Gastroesophageal reflux disease (GERD) is a digestive disorder. It involves the esophagus, the tube that carries food from your mouth to your stomach.
In GERD, acid and digestive enzymes from the stomach flow backwards into the esophagus. This backward flow of stomach juices is called "reflux". These caustic stomach juices inflame the lining of the esophagus. This causes heartburn and other symptoms. If GERD is not treated, it can permanently damage the esophagus.
A muscular ring seals the esophagus from the stomach. This ring is called the esophageal sphincter. Normally, the sphincter opens when you swallow, allowing food into your stomach. The rest of the time, it squeezes tight to prevent food and acid in the stomach from backing up into the esophagus.
In most people with GERD, however, the esophageal sphincter does not seal tightly. It remains relaxed between swallows. This allows digestive juices to enter the esophagus and irritate the esophageal lining.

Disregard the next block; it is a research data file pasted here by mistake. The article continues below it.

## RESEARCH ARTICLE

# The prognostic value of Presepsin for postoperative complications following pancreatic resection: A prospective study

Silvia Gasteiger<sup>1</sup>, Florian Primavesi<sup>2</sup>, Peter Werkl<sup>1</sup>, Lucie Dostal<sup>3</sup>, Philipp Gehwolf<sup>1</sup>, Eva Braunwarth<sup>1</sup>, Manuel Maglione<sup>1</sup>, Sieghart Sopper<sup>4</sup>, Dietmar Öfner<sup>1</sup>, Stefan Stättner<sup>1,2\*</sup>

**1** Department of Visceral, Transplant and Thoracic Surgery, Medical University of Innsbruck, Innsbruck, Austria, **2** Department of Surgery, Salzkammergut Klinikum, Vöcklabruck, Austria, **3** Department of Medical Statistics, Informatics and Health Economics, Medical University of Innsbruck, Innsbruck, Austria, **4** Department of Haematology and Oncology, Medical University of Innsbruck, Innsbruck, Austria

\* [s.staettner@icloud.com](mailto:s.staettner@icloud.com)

Many things can weaken or loosen the lower esophageal sphincter. These include:
Increased abdominal pressure, because of obesity or pregnancy
A bulge in the stomach (hiatal hernia) that protrudes above the diaphragm
Prolonged exposure to acid can cause the esophagus to:
Develop an open sore
Long-term exposure to acid also can lead to a condition called Barrett's esophagus. Barrett's esophagus increases the risk of esophageal cancer.
For many people with GERD, heartburn is not merely an occasional discomfort. Rather, it is a frequent, even daily, ordeal.